I need you.
Get your needs met in a society that shames them.
The more time I spend in this world as a therapist and human, the more I realize how much relationships define us. And that’s not a bad thing, we are human. Since the dawn of time our survival has been linked to our relationships. Some of us are more impacted by relationships, or lack of relationships, than others. Some of us spend years trying to be happy with ourselves alone, before venturing into other relationships; while others of us prefer to bounce from close relationship to close relationship, to avoid being alone at all costs. None of these avenues is “wrong” or even necessarily unhealthy. Like almost everything else in life, it is simply based on balance and what makes you feel best. If you feel best when you are in a relationship, that is okay. And if you want to take care of your own stuff first and then attach to someone else later on, that is okay too.
Humans are social beings. Without social connections our sense of purpose in the world dwindles rapidly. There seems to be a growing stigma about “needing” people, but at the end of the day we all need people. It is okay to need, especially in your closest relationships. Couples don't magically stay happy together without ever communicating their needs to one another. Relationships are largely about figuring out how to get your needs met and how to help another person’s needs be met. Relationships last because two people have figured out how to feel good with one another, and that good feeling is often fueled by getting their needs met by one another. No, not basic needs like providing food and water for your sweetie. I am referring to social-emotional needs. Needs like feeling loved, respected, valued, cared for, special. And the way that we show these things to one another varies from person to person based on their unique needs and past experiences. One person may feel loved by being hugged, while another feels loved by hearing compliments. If you have read The Five Love Languages by Gary Chapman, you know what I am talking about. I encourage you to read that book for more detailed guidance on feeling loved and giving love. Another great book is Attached by Amir Levine & Rachel Heller, which ventures more deeply into where your needs may come from and how to pick a partner that fits your needs best.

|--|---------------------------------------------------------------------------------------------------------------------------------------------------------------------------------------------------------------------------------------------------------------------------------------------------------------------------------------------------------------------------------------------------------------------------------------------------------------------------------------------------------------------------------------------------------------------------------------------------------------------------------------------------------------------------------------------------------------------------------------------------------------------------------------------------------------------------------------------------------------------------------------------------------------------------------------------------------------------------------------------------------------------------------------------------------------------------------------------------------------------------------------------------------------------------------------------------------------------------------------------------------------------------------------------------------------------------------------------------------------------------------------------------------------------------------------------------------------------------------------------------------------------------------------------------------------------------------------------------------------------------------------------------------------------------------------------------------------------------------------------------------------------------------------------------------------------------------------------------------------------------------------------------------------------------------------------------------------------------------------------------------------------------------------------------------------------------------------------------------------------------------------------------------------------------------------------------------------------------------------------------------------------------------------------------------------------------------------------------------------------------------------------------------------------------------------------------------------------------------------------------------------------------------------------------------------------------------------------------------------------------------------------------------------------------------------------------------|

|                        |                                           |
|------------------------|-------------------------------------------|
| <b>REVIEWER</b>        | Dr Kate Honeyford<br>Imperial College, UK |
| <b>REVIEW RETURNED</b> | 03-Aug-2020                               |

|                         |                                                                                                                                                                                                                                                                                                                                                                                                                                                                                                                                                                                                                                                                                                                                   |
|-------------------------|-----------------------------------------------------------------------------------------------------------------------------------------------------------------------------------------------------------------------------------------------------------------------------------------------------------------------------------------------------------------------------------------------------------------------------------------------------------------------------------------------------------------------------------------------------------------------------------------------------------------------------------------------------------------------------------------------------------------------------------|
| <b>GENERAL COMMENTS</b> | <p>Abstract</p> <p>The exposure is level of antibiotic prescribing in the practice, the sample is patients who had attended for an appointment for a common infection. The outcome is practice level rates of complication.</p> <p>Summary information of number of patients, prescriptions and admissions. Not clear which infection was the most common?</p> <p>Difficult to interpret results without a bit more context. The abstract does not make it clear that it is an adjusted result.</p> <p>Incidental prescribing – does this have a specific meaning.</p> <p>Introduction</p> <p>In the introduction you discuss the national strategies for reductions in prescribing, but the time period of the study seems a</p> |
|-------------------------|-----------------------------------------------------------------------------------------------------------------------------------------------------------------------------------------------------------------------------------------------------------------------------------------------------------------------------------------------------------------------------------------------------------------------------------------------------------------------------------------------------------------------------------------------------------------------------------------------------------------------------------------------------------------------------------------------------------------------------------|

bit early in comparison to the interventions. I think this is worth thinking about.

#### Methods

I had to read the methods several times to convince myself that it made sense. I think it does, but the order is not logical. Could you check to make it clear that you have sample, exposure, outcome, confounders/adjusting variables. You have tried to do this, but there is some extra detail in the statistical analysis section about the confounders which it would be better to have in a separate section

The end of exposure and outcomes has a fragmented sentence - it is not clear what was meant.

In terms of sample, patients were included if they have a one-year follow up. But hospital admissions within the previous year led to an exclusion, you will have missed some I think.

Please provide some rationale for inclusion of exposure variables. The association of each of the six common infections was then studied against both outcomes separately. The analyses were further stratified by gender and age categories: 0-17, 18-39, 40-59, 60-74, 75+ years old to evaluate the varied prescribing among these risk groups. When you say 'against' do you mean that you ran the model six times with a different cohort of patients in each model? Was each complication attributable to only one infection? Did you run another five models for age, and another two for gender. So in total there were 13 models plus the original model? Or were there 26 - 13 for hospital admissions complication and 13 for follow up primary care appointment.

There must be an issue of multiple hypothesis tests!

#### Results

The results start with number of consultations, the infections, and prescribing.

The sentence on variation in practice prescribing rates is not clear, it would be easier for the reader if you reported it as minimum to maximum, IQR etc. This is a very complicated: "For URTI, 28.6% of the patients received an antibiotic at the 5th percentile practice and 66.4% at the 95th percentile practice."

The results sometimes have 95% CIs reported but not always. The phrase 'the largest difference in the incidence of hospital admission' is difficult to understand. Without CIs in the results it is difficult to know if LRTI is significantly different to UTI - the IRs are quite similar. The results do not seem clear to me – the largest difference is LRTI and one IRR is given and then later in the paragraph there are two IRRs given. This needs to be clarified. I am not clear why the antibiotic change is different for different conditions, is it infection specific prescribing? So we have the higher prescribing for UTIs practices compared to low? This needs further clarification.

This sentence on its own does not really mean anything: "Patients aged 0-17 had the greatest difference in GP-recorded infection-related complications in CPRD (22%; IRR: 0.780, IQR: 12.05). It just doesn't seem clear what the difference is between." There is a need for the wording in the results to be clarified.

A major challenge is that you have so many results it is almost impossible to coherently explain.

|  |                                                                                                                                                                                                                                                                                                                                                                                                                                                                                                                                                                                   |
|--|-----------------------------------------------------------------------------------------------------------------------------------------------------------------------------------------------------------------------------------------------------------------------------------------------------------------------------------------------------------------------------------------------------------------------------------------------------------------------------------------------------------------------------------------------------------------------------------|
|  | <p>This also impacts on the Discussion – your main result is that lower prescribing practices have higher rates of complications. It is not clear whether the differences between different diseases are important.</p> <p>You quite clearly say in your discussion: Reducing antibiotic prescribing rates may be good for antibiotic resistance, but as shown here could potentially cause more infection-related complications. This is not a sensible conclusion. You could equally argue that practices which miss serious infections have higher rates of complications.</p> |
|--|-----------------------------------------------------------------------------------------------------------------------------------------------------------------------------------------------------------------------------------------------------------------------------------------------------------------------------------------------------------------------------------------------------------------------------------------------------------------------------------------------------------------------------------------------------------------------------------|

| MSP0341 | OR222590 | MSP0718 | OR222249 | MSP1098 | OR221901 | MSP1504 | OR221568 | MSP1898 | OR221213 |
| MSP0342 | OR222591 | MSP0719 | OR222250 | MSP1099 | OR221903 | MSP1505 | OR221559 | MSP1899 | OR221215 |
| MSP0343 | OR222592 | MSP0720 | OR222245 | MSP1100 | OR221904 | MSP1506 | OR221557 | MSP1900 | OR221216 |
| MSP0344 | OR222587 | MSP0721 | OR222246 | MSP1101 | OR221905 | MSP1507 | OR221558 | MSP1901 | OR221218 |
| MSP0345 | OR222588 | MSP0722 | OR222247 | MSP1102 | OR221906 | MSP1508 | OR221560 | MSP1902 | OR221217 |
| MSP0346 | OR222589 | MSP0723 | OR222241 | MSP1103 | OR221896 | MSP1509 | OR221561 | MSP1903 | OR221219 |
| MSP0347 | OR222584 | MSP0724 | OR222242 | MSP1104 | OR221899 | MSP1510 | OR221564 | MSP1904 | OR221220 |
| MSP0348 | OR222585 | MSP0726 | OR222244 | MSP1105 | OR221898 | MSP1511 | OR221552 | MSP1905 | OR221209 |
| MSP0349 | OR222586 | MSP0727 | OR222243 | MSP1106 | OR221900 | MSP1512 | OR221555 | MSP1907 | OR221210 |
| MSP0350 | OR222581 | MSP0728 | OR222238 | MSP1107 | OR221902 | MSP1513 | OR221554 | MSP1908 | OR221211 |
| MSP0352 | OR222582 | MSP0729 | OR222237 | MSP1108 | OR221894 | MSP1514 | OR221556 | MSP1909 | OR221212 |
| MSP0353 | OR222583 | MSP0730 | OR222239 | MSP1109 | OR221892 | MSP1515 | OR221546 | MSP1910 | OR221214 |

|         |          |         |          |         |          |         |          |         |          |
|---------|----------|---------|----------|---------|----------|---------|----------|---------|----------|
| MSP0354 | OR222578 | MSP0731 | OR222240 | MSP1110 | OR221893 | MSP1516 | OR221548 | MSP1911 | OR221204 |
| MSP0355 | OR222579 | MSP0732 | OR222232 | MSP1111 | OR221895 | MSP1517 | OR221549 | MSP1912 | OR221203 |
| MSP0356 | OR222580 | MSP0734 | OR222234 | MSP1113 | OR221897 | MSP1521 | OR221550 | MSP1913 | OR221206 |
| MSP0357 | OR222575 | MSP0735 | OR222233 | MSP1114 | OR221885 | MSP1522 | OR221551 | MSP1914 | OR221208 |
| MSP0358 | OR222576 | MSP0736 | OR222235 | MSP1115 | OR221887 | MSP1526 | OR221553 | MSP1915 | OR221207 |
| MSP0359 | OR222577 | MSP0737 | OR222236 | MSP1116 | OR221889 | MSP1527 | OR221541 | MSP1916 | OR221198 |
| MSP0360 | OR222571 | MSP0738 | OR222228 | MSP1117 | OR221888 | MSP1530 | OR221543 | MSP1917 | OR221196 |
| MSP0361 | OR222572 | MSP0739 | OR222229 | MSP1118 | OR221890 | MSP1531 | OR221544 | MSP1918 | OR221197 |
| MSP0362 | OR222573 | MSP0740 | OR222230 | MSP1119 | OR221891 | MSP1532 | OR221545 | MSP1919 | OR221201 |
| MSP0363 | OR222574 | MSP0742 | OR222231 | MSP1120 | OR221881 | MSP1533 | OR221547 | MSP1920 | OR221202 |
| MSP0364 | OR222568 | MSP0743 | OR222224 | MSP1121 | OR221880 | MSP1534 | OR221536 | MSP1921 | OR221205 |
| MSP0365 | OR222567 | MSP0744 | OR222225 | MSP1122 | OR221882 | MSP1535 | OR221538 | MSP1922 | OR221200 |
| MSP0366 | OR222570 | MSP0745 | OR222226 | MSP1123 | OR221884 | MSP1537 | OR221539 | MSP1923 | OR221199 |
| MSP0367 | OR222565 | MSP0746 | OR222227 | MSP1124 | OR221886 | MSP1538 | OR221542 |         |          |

My point is this: Stop shaming yourself for having needs and start advocating for them to be fulfilled. It is absolutely human to have needs and it is absolutely okay to look to another person for help in getting those needs met. Your job IS to take responsibility for your needs, learn to verbalize them, and then fill your own cup or have someone help you. Your job is NOT to settle for someone who refuses to help meet your needs. Your job is to take care of yourself, even when that means you prefer to be with someone else. Part of caring for yourself is learning to vocalize when you need something from someone else. There are people who will gladly meet your needs and it will not be hard for them. I am looking at you, person reading this who is unhappy in your relationship because your partner makes you feel ‘needy’ for wanting to hold hands. I am looking at you, person who is unsure of how to feel love. Figure out your needs and make them known. Your wants and needs are not a burden. There is a person who can fit with your needs, and you can fit with theirs.
Disclaimer: If you feel that your needs may be unrealistic or you are stuck in a pattern of being disappointed by your relationships, then it's probably worth exploring through therapy. That'll give you a clearer sense of which needs you can work on independently and which you can lean on others to fulfill.